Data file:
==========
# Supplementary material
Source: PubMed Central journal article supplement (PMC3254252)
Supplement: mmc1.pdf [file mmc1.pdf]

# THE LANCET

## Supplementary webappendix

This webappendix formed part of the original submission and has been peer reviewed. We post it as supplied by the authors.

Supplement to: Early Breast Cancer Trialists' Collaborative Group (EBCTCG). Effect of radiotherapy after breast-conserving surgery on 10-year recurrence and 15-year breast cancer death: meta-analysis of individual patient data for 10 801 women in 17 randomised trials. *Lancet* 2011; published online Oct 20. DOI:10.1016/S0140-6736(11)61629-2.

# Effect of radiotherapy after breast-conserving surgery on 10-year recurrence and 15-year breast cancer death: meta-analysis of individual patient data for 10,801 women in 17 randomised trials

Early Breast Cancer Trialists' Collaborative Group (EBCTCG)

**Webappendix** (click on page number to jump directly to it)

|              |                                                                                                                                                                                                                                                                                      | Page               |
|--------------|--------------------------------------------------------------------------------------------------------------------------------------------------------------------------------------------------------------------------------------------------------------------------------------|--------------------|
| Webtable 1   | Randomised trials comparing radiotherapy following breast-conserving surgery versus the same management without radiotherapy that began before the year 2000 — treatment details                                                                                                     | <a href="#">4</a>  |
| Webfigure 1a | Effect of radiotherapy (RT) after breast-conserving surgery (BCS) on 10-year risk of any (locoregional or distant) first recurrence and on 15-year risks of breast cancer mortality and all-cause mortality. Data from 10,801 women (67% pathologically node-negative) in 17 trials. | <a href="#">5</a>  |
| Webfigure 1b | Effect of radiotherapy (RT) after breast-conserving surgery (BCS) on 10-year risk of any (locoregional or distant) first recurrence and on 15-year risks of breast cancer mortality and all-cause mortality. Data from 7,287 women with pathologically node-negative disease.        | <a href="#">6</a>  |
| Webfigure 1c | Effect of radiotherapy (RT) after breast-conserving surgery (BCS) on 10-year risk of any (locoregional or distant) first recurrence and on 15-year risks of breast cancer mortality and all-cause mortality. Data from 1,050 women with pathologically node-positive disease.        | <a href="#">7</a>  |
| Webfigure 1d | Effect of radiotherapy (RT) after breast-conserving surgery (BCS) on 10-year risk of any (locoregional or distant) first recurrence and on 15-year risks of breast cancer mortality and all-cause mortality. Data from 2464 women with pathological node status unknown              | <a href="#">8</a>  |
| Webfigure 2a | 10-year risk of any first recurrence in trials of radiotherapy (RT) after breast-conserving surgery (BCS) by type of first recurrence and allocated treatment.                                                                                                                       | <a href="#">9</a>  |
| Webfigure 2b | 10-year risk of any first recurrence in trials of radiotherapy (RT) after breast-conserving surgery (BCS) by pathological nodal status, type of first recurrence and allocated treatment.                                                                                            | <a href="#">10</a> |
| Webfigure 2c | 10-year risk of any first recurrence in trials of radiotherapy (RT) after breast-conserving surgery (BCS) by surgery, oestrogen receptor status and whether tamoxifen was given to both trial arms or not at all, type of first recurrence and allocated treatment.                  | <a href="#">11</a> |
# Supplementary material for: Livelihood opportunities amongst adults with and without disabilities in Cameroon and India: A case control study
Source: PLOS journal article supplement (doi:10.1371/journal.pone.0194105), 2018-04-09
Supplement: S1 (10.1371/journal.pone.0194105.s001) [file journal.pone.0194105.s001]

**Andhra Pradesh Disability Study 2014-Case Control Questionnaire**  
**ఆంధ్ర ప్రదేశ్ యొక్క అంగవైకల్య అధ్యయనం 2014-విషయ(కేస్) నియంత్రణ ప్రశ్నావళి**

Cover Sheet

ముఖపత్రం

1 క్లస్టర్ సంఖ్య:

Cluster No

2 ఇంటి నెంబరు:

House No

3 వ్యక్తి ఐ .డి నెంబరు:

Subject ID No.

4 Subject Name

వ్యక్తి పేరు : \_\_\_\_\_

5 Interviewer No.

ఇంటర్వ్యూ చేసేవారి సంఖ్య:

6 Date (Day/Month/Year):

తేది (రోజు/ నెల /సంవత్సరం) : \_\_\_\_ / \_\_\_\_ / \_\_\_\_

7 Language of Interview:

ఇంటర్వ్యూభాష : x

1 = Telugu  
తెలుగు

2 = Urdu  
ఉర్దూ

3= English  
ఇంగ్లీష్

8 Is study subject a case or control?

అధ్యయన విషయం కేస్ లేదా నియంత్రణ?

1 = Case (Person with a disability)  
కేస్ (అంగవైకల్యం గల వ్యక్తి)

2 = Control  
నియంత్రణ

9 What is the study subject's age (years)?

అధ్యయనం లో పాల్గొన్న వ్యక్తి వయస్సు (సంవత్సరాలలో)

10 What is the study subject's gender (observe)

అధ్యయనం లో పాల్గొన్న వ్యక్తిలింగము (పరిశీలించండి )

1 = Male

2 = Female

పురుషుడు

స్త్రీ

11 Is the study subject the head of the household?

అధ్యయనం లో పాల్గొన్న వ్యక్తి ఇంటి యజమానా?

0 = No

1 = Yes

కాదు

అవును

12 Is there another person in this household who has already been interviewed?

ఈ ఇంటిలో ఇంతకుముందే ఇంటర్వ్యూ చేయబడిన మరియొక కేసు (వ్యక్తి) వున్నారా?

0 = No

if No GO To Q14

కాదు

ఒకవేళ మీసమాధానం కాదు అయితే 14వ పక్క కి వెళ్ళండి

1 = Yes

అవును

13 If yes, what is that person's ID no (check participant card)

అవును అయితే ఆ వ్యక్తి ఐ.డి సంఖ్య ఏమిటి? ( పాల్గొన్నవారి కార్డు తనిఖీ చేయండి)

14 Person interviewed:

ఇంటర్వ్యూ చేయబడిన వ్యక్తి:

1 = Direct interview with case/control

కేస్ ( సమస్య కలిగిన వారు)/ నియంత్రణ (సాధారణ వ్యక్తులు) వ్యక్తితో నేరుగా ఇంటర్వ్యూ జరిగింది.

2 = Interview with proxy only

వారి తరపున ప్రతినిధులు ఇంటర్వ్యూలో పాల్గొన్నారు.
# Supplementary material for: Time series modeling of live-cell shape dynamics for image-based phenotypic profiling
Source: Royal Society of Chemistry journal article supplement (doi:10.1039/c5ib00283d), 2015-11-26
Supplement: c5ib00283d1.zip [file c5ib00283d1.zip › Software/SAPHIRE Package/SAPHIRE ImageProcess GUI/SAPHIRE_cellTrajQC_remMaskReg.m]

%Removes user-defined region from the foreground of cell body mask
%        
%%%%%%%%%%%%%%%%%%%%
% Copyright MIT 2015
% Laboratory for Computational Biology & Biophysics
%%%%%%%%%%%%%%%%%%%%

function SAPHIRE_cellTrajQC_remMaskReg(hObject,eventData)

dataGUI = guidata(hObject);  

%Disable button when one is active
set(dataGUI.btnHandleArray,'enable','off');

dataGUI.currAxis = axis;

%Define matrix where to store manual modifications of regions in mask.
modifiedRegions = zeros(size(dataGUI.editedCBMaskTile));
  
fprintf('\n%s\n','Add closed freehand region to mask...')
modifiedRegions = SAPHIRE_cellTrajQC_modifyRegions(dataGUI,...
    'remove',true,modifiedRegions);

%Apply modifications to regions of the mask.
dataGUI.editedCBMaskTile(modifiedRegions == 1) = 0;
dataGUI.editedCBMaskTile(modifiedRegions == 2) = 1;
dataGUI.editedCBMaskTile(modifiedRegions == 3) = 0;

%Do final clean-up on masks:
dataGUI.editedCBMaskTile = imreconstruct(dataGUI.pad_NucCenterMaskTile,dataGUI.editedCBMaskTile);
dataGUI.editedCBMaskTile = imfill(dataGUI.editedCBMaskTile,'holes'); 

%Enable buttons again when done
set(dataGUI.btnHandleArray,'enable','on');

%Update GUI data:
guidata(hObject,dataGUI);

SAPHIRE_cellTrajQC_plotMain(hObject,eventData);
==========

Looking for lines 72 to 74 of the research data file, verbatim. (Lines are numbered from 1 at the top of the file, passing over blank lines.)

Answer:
కాదు

ఒకవేళ మీసమాధానం కాదు అయితే 14వ పక్క కి వెళ్ళండి

1 = Yes